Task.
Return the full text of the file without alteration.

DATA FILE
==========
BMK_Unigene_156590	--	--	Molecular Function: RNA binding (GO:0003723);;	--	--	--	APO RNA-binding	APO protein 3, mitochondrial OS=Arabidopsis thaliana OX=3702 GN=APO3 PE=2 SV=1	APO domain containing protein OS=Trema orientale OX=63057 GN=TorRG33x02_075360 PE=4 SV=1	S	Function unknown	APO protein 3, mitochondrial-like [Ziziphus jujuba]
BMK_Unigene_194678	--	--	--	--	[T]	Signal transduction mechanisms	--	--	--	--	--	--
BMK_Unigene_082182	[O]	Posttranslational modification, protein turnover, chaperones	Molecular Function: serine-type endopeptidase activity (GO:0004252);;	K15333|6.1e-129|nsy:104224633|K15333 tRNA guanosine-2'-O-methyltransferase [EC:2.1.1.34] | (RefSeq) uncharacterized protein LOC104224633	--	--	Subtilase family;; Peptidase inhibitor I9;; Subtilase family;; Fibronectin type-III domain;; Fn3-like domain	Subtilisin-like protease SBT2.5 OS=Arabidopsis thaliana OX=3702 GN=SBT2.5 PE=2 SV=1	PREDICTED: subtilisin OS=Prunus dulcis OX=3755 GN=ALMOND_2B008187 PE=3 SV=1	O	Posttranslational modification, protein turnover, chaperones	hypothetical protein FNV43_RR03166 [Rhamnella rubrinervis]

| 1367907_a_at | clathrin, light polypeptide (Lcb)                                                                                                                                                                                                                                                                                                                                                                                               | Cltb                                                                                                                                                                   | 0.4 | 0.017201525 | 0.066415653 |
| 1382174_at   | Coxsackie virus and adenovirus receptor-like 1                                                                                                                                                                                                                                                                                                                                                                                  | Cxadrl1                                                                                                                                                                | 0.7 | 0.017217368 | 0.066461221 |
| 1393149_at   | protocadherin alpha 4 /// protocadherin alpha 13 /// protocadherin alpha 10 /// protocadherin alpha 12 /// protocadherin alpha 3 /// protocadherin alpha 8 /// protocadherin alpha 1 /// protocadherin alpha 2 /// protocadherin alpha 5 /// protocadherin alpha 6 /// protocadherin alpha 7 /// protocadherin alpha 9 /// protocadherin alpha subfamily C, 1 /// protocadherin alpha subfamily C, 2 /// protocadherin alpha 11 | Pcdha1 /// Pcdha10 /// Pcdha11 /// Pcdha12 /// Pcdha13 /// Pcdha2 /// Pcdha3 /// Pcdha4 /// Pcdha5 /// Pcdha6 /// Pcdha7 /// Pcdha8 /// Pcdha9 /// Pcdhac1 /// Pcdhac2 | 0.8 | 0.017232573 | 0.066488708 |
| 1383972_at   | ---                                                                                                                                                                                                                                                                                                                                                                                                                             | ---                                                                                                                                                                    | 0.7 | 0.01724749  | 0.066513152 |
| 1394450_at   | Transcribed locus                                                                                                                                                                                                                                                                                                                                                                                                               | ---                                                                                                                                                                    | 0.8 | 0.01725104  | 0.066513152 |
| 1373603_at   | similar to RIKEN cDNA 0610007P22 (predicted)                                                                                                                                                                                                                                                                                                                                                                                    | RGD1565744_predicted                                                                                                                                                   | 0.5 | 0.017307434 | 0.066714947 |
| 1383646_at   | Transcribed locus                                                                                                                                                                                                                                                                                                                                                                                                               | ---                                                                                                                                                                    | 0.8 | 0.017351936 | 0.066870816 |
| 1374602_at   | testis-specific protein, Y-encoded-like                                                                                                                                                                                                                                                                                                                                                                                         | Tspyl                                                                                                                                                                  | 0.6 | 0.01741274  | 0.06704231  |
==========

BMK_Unigene_156590	--	--	Molecular Function: RNA binding (GO:0003723);;	--	--	--	APO RNA-binding	APO protein 3, mitochondrial OS=Arabidopsis thaliana OX=3702 GN=APO3 PE=2 SV=1	APO domain containing protein OS=Trema orientale OX=63057 GN=TorRG33x02_075360 PE=4 SV=1	S	Function unknown	APO protein 3, mitochondrial-like [Ziziphus jujuba]
BMK_Unigene_194678	--	--	--	--	[T]	Signal transduction mechanisms	--	--	--	--	--	--
BMK_Unigene_082182	[O]	Posttranslational modification, protein turnover, chaperones	Molecular Function: serine-type endopeptidase activity (GO:0004252);;	K15333|6.1e-129|nsy:104224633|K15333 tRNA guanosine-2'-O-methyltransferase [EC:2.1.1.34] | (RefSeq) uncharacterized protein LOC104224633	--	--	Subtilase family;; Peptidase inhibitor I9;; Subtilase family;; Fibronectin type-III domain;; Fn3-like domain	Subtilisin-like protease SBT2.5 OS=Arabidopsis thaliana OX=3702 GN=SBT2.5 PE=2 SV=1	PREDICTED: subtilisin OS=Prunus dulcis OX=3755 GN=ALMOND_2B008187 PE=3 SV=1	O	Posttranslational modification, protein turnover, chaperones	hypothetical protein FNV43_RR03166 [Rhamnella rubrinervis]

| 1367907_a_at | clathrin, light polypeptide (Lcb)                                                                                                                                                                                                                                                                                                                                                                                               | Cltb                                                                                                                                                                   | 0.4 | 0.017201525 | 0.066415653 |
| 1382174_at   | Coxsackie virus and adenovirus receptor-like 1                                                                                                                                                                                                                                                                                                                                                                                  | Cxadrl1                                                                                                                                                                | 0.7 | 0.017217368 | 0.066461221 |
| 1393149_at   | protocadherin alpha 4 /// protocadherin alpha 13 /// protocadherin alpha 10 /// protocadherin alpha 12 /// protocadherin alpha 3 /// protocadherin alpha 8 /// protocadherin alpha 1 /// protocadherin alpha 2 /// protocadherin alpha 5 /// protocadherin alpha 6 /// protocadherin alpha 7 /// protocadherin alpha 9 /// protocadherin alpha subfamily C, 1 /// protocadherin alpha subfamily C, 2 /// protocadherin alpha 11 | Pcdha1 /// Pcdha10 /// Pcdha11 /// Pcdha12 /// Pcdha13 /// Pcdha2 /// Pcdha3 /// Pcdha4 /// Pcdha5 /// Pcdha6 /// Pcdha7 /// Pcdha8 /// Pcdha9 /// Pcdhac1 /// Pcdhac2 | 0.8 | 0.017232573 | 0.066488708 |
| 1383972_at   | ---                                                                                                                                                                                                                                                                                                                                                                                                                             | ---                                                                                                                                                                    | 0.7 | 0.01724749  | 0.066513152 |
| 1394450_at   | Transcribed locus                                                                                                                                                                                                                                                                                                                                                                                                               | ---                                                                                                                                                                    | 0.8 | 0.01725104  | 0.066513152 |
| 1373603_at   | similar to RIKEN cDNA 0610007P22 (predicted)                                                                                                                                                                                                                                                                                                                                                                                    | RGD1565744_predicted                                                                                                                                                   | 0.5 | 0.017307434 | 0.066714947 |
| 1383646_at   | Transcribed locus                                                                                                                                                                                                                                                                                                                                                                                                               | ---                                                                                                                                                                    | 0.8 | 0.017351936 | 0.066870816 |
| 1374602_at   | testis-specific protein, Y-encoded-like                                                                                                                                                                                                                                                                                                                                                                                         | Tspyl                                                                                                                                                                  | 0.6 | 0.01741274  | 0.06704231  |